Polemic with the CWO: Imperialist conflict or capitalist 'peace'?

Printer-friendly version

The ideology of globalisation has generated many myths - as much by its ‘opponents’ as by its advocates. In particular there is the idea that multinational corporations are out of the control of nation states and can move capital to wherever they can make the most profit, regardless of the local circumstances. Ralph Nader wants to save capitalism from the big corporations. Noam Chomsky denounces unaccountable private power and the international institutions which impose the ‘Washington consensus’ of ‘neo-liberalism’. The power of ‘international capital’ (which can be used to mean the US, or big corporations, or the biggest powers, or just an abstract ‘evil’) is presented as being so great that it can even overcome the drive of national capitals towards war. In the words of a leftist group, the “pillage” of the poorest countries continues, not in the same way as the 19th century, but with “the urbane international banker replacing the colonial soldier and tax collector” (Workers Liberty, July 2000). To back up this view that the big global corporations now rule the world, it has been said that t has been said that ‘no two countries with a McDonalds have ever gone to war’.

Reality lies elsewhere. Not just because the handful of McDonalds in Belgrade did not prevent the bombing of Serbia by US-led forces, nor simply because of the sheer number of imperialist conflicts either in progress or simmering across the globe. Since the start of the twentieth century, the marxist current has developed its understanding of the intimate relation between the concentration of national capital in the hands of the capitalist state, and the tendency for all states to be pushed into pursuing imperialist policies. This was analysed at the time of the First World War by revolutionaries such as Lenin, Bukharin, Luxemburg and Gorter. They all demonstrated the tendency towards state capitalism, where all enterprises follow the dictates of the national state, and the tendency towards imperialist conflict, all within a capitalist system that had reached its historic limits once it covered the planet. If ‘globalisation’ means anything, it’s what capitalism achieved at the beginning of the 20th century, by creating a world economy. It did not remove the basis for imperialist conflict, as Kautsky argued with his theory of ‘ultray of ‘ultraimperialism’, (“the joint exploitation of the world by internationally united finance capital in place of the mutual rivalries of national finance capitals”, as Lenin cited Kautsky in Imperialism, the highest stage of capitalism, 1915). No, it brought these conflicts to a veritable paroxysm.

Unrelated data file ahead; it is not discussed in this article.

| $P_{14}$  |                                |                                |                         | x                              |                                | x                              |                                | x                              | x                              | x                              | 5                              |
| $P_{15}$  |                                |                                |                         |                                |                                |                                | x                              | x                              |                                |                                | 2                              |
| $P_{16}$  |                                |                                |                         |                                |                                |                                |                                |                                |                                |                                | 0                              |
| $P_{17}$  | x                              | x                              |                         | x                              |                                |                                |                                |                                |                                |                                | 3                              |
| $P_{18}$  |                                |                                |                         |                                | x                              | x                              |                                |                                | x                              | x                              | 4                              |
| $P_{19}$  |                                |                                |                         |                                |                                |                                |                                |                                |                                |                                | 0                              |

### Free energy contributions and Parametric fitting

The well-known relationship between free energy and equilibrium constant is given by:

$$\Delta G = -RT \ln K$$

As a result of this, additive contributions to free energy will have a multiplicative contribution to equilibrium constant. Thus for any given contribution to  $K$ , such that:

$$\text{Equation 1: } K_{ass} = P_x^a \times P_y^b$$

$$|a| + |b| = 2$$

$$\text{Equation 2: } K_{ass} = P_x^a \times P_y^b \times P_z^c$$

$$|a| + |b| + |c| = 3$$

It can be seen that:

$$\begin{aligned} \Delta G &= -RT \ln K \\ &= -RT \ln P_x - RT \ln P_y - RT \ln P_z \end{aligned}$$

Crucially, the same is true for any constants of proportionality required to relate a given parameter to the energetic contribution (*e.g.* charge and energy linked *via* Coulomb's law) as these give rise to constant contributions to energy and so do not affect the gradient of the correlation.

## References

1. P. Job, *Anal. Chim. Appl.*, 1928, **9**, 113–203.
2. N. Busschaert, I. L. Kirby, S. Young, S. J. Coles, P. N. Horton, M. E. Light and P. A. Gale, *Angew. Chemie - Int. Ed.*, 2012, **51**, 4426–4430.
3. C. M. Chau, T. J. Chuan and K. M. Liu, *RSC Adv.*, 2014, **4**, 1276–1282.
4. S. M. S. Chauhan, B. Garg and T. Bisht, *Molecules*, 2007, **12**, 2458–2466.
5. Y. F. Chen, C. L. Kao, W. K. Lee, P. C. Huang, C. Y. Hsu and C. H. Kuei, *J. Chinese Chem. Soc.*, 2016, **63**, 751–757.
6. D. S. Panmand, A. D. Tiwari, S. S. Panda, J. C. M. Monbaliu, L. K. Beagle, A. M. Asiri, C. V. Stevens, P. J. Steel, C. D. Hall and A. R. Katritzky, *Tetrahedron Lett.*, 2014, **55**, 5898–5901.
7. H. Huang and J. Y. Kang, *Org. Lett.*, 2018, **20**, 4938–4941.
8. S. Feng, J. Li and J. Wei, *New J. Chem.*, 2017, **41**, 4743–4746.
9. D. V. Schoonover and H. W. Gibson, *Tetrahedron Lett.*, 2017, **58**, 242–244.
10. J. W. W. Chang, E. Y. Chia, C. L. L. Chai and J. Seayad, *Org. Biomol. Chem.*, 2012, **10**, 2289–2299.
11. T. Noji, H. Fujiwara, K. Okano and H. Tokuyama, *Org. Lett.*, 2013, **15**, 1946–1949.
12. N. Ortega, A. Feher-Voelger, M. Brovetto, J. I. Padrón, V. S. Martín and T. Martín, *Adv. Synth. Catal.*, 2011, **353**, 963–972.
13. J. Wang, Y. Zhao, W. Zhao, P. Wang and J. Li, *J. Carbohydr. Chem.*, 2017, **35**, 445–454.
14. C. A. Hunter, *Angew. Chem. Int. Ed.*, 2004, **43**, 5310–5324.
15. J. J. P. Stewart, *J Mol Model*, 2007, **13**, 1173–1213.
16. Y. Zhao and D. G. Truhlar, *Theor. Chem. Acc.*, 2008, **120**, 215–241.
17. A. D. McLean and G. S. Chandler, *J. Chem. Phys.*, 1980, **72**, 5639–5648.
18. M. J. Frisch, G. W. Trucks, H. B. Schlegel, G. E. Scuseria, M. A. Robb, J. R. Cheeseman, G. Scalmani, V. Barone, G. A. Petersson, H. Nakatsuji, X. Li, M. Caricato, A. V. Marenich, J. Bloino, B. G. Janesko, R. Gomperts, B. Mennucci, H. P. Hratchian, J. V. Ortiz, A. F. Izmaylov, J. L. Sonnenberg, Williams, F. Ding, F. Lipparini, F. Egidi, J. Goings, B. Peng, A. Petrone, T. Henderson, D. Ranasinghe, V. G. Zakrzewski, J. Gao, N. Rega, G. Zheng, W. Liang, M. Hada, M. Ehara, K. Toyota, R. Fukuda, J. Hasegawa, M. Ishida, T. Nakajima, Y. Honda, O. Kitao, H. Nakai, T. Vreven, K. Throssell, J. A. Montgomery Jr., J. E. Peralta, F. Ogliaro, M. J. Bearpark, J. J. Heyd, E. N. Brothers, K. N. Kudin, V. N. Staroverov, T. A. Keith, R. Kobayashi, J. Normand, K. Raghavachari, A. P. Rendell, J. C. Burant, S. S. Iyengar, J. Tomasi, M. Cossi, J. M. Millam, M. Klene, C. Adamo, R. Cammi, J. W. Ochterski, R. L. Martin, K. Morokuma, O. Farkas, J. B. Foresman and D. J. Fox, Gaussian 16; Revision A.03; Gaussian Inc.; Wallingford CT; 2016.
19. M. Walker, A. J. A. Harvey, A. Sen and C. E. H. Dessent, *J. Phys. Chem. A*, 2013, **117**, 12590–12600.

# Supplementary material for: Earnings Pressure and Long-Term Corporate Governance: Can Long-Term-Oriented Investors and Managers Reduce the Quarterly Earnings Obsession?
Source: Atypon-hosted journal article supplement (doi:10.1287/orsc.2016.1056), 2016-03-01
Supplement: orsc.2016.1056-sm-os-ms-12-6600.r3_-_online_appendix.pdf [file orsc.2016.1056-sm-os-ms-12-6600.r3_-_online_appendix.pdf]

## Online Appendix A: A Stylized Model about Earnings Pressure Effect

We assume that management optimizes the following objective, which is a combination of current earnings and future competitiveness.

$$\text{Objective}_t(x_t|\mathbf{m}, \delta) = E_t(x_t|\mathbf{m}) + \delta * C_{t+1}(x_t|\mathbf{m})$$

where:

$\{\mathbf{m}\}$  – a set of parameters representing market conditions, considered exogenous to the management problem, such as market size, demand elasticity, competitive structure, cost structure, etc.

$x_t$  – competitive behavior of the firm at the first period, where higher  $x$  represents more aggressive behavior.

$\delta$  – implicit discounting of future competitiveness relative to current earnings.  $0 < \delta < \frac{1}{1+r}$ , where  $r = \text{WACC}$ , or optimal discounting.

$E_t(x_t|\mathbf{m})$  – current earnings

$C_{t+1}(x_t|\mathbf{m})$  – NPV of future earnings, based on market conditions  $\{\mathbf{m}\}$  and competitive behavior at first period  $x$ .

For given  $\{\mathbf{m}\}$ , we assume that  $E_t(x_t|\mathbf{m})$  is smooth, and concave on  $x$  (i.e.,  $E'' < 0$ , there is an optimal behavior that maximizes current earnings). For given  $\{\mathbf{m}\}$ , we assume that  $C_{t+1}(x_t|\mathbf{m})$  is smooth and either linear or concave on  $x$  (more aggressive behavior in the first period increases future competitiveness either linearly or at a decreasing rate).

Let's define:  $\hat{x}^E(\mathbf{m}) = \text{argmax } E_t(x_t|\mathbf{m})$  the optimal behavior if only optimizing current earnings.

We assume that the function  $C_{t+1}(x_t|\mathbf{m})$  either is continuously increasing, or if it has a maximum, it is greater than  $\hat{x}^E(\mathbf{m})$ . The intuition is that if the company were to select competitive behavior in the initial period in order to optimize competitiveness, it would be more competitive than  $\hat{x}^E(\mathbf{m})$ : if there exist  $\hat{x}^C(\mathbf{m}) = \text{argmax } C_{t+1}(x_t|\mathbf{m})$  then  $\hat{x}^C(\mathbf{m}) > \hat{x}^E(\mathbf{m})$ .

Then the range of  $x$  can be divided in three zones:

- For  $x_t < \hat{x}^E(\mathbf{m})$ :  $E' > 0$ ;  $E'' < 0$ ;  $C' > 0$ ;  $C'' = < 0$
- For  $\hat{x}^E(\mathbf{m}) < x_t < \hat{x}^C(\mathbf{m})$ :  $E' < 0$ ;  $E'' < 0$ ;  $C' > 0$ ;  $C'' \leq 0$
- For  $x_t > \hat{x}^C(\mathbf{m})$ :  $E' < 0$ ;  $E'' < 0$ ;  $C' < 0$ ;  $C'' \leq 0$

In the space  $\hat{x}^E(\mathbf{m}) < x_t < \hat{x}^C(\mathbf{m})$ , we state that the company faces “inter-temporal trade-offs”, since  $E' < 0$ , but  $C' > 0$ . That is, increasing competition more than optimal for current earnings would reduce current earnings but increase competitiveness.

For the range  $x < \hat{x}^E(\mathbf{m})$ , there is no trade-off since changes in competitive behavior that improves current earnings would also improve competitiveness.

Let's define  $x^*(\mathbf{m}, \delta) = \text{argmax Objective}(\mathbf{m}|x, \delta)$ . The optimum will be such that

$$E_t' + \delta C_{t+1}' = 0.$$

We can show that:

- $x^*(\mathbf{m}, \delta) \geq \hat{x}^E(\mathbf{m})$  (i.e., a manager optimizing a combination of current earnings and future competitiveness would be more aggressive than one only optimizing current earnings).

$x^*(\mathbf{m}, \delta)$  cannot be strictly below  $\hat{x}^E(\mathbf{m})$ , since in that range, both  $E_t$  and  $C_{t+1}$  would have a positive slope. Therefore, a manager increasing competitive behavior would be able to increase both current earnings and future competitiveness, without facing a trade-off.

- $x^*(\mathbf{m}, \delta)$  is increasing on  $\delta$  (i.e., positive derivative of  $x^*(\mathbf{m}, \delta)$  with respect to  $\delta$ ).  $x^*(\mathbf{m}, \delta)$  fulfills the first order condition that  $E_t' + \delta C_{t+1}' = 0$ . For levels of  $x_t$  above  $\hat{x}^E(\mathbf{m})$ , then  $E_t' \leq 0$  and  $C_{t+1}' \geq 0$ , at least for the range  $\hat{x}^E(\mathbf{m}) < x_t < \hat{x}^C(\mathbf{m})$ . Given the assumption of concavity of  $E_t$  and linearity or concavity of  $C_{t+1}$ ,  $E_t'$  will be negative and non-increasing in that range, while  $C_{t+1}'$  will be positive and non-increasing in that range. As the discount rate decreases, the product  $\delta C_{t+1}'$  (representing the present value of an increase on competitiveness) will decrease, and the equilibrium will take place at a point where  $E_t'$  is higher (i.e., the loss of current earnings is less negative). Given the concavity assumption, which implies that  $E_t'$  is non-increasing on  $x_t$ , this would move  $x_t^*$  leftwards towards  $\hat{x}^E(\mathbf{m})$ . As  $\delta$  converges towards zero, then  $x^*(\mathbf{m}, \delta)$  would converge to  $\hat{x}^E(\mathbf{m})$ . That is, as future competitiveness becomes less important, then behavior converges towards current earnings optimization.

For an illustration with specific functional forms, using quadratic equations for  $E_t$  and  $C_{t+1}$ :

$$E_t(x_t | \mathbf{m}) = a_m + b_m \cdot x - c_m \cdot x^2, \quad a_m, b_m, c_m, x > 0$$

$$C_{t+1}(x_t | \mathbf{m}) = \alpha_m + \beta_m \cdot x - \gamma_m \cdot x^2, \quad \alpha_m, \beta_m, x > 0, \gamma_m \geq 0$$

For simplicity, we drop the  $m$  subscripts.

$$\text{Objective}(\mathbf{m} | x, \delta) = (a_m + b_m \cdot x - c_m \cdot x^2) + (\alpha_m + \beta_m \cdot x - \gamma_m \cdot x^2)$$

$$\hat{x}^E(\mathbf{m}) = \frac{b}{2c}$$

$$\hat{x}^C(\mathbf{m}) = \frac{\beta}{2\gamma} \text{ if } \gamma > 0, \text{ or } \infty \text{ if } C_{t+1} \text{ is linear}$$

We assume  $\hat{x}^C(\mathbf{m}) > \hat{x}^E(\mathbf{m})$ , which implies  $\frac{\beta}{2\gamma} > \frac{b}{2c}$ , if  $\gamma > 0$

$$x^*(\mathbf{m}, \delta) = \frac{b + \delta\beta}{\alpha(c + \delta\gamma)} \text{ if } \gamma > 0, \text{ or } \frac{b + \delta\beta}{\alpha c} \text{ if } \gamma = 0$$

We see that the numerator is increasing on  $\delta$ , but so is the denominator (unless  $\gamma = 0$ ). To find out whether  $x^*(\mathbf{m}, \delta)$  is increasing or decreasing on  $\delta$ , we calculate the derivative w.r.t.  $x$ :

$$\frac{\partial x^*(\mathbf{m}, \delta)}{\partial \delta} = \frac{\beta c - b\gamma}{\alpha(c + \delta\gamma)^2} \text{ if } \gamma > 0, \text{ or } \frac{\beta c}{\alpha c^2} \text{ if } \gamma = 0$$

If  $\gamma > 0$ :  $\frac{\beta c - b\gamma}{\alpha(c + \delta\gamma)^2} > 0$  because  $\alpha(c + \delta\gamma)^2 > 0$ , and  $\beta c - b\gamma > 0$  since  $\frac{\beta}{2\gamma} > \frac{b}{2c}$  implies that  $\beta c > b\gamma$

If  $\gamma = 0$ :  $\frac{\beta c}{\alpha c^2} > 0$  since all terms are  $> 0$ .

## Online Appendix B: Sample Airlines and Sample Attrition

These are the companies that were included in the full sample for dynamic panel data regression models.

Today, at the start of the 21st century, while much has changed - imperialist blocs have come and gone, forms of state control have changed - the essential framework established by the marxist movement has been verified by history.

The influence of globalisation myths

Unfortunately, while the ICC is convinced of the validity of the marxist framework for understanding today’s imperialist conflicts, this is not shared throughout today’s proletarian political milieu. In particular, the Communist Workers Organisation, and the International Bureau for the Revolutionary Party of which it is a part, have, in recent years, made a number of concessions to globalisation ideology.